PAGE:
October 23, 2012 by Emily Pergament
Last Friday, Claire and I were on our way over to 3 Sheets Saloon, which you may recall from this review, which the bar put up on its website just days after our publishing it, for Allison’s much-advertised free Happy Hour. Unfortunately, we didn’t end up getting to partake since Claire left her ID at home, but no big deal – we made out pretty good with our dinner choice on the way.
I have seen numerous well-spoken-of restaurants advertised in the Chelsea area, and since I was meeting Claire at Grand Central after work anyway, we decided to hoof it through on our way and grab a nice sit-down dinner together, which we don’t get too often in the fall/spring with my schedule. After passing three Chipotles and just about making our minds up to enter the fourth, we found ourselves on the corner of Sixth Avenue and 8th Street (right where the grid system ends, with authority) across from a charming-looking Neopolitan brick-oven pizza place with outdoor seating along the end of Greenwich Avenue.
Olio e Piú doesn’t have the best of reviews online, but I can’t really figure out why that is – just follow that link and you’ll see what I mean. We at inside due in part to their being crowded and my allergies, but were probably happier inside since we got to enjoy the dim lighting, cozy atmosphere and relaxed music and cushioned rustic chairs. Our table was a bit wobbly but nothing my foot couldn’t fix and certainly not enough to dampen our mood. As soon as we sat down, a woman passing us on her way to the bathroom asked if we had been here before, to which we answered no and she remarked that she hadn’t either, but walks by it every day and was so excited to finally try it. That’s the type of mood you could feel throughout the restaurant.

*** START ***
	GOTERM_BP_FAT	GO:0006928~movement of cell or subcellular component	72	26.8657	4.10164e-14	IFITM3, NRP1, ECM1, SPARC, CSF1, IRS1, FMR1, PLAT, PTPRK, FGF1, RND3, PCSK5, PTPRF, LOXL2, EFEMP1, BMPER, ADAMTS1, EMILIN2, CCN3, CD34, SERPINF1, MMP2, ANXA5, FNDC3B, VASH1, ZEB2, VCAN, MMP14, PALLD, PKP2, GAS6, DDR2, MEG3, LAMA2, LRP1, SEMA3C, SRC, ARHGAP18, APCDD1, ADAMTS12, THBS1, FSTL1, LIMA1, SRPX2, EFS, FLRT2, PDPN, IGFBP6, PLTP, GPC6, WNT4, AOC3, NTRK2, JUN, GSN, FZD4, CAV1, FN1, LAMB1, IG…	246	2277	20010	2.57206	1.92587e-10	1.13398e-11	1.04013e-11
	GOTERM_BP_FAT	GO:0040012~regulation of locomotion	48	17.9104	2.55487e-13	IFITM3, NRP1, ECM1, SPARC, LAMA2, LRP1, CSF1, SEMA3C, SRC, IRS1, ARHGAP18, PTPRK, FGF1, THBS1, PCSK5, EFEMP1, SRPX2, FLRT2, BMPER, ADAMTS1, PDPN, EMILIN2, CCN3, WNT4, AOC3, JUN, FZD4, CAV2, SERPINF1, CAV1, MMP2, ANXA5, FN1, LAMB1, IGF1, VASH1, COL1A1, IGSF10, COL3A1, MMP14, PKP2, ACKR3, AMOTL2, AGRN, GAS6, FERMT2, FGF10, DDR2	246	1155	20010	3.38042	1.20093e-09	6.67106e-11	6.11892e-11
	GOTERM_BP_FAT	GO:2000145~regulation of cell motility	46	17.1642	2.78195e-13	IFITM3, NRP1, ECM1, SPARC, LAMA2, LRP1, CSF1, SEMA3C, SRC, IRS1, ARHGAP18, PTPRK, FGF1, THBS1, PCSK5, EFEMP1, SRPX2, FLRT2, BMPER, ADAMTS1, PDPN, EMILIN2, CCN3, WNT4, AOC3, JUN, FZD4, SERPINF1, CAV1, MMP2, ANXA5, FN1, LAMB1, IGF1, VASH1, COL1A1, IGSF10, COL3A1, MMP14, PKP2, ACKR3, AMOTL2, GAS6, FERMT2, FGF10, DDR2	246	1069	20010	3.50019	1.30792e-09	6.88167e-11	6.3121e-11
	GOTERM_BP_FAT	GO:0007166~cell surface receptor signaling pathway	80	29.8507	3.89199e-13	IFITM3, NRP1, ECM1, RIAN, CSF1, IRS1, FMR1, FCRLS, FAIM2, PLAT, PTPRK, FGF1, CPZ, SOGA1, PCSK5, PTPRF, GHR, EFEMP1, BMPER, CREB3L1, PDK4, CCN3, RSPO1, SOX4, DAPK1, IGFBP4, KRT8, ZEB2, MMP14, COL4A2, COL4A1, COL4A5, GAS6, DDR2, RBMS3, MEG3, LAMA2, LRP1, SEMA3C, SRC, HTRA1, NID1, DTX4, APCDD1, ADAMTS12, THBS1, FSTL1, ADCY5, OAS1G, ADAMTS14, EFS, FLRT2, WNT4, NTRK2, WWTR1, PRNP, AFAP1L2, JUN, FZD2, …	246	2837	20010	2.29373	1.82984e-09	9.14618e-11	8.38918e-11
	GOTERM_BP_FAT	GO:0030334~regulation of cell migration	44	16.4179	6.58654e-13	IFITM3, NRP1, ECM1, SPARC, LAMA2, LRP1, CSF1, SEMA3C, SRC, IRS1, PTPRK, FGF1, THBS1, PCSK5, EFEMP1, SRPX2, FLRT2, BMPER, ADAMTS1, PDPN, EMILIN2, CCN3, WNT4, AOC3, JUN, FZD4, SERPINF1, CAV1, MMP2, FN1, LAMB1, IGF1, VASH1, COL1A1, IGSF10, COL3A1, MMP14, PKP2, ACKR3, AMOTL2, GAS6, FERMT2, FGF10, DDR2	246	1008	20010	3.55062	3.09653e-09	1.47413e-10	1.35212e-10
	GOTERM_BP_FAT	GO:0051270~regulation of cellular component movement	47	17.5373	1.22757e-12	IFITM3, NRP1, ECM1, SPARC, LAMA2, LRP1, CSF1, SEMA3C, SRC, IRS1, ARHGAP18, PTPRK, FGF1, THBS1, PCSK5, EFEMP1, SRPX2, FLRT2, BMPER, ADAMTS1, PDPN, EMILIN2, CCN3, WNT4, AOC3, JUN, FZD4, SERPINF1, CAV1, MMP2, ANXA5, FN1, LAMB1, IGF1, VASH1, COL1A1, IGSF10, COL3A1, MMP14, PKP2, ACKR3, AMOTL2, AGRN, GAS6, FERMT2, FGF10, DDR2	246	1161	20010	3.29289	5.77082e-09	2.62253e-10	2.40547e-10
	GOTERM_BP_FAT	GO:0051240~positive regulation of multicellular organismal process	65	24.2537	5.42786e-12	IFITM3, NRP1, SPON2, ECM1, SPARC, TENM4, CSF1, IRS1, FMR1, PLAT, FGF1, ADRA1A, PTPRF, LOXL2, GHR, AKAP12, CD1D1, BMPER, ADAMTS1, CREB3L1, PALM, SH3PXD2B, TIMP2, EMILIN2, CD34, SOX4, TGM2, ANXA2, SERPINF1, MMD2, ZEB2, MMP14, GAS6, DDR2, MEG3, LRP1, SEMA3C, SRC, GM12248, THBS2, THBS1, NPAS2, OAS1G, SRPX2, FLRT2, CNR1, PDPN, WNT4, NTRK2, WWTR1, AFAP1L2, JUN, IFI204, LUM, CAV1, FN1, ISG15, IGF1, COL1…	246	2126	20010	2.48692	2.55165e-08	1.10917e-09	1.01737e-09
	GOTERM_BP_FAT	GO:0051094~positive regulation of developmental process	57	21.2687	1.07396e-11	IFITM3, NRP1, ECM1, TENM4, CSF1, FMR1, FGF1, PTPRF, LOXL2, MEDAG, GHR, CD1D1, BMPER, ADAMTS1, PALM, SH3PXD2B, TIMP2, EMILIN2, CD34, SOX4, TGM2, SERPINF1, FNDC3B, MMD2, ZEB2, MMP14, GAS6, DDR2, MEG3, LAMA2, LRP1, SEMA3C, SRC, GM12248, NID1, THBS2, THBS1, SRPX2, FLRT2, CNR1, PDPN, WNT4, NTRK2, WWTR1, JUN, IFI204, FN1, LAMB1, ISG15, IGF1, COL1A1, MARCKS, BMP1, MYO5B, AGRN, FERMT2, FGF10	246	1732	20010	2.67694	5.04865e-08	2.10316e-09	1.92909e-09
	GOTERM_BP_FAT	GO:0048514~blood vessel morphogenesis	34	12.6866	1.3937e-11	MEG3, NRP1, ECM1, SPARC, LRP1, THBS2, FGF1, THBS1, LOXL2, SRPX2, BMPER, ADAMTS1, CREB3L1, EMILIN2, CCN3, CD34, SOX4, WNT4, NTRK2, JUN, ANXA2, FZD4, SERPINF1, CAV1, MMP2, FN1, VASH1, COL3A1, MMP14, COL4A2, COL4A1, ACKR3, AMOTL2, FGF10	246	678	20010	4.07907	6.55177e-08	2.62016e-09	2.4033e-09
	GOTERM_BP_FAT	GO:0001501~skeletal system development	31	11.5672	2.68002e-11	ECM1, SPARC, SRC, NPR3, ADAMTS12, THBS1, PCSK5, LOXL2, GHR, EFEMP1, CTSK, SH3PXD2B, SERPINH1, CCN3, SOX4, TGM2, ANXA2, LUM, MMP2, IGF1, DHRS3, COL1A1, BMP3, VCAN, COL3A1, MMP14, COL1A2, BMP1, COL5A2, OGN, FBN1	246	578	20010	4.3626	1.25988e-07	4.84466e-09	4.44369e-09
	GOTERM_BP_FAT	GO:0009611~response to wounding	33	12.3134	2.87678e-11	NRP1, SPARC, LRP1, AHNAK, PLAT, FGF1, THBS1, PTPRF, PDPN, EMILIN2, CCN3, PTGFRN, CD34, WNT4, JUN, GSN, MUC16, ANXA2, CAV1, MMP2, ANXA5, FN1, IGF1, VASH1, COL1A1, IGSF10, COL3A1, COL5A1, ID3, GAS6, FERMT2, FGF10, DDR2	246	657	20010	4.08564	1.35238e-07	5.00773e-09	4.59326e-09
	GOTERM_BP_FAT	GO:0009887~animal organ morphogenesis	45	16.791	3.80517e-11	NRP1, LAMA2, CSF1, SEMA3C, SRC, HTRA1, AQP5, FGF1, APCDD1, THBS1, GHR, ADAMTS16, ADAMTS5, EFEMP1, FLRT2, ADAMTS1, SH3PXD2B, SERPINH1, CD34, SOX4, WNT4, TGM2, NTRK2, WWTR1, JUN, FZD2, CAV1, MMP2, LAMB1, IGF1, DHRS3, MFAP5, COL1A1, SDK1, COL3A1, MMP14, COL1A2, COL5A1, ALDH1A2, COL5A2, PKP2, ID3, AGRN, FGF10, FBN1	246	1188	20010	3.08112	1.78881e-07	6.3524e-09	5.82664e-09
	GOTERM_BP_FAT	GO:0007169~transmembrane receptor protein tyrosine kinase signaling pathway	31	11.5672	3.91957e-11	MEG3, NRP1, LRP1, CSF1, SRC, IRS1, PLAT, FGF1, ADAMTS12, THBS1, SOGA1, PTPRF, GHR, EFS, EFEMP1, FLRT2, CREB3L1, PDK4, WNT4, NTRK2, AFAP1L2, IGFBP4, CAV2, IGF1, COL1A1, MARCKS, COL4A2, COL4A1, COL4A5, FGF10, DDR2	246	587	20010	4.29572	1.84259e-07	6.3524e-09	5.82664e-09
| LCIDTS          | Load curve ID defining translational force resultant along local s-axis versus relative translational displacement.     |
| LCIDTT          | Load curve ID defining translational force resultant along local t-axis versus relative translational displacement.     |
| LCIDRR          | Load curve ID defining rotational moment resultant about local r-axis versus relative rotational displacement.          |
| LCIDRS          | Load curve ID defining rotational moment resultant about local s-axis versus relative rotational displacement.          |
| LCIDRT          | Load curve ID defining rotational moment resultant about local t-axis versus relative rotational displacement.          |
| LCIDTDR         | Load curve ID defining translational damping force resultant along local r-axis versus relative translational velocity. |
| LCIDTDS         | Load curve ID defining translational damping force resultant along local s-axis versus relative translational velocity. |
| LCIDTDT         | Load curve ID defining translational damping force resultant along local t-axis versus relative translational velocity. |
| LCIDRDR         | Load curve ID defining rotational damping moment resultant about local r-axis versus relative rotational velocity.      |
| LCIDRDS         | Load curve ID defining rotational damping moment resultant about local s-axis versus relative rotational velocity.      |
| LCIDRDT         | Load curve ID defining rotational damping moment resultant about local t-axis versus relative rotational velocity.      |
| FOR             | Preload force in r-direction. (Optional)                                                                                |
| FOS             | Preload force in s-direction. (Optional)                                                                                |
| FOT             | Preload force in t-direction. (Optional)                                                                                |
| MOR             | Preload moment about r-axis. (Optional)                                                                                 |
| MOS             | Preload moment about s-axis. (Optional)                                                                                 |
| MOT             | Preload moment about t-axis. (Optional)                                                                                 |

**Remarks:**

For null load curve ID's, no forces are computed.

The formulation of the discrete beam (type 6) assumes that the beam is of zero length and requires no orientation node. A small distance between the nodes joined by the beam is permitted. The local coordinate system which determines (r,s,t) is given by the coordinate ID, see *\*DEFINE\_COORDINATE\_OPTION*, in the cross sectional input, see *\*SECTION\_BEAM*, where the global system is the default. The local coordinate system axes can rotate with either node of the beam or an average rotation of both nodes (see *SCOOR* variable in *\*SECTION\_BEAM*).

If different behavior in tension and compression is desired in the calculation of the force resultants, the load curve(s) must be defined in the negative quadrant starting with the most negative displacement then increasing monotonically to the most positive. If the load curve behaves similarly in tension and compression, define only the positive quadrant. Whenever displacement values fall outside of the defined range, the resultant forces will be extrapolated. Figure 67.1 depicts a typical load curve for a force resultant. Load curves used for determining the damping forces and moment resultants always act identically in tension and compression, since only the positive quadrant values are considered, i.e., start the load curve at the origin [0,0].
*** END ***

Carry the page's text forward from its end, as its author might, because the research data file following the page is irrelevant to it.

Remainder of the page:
After devouring our basket of bread, expertly mixing olive oil with a Balsamic glaze that Claire insists will change your life, we debated a bit over our menu choice – I wanted to try the roasted garlic and sea salt Bruschette and Nostrana (ricotta, prosciutto and truffle oil) pizza – but ending up going with the simple Margherita pizza with a plate of Zucchini alla griglia for $20 in total. I’ll admit the pizza was a bit small especially for the price, but it was a serious contender for the best I’ve had in New York – thin crust (with air bubbles like Claire loves) and a good amount of sauce with fresh mozzarella slices. The zucchini may have been the best part of the meal, however. With grill marks on both sides, it looked almost like a steak and seriously tasted just as good.
We will definitely be heading back sometime to try the other pizzas and get some more of the zucchini alla griglia. Maybe we’ll manage to get into Three Sheets next time too.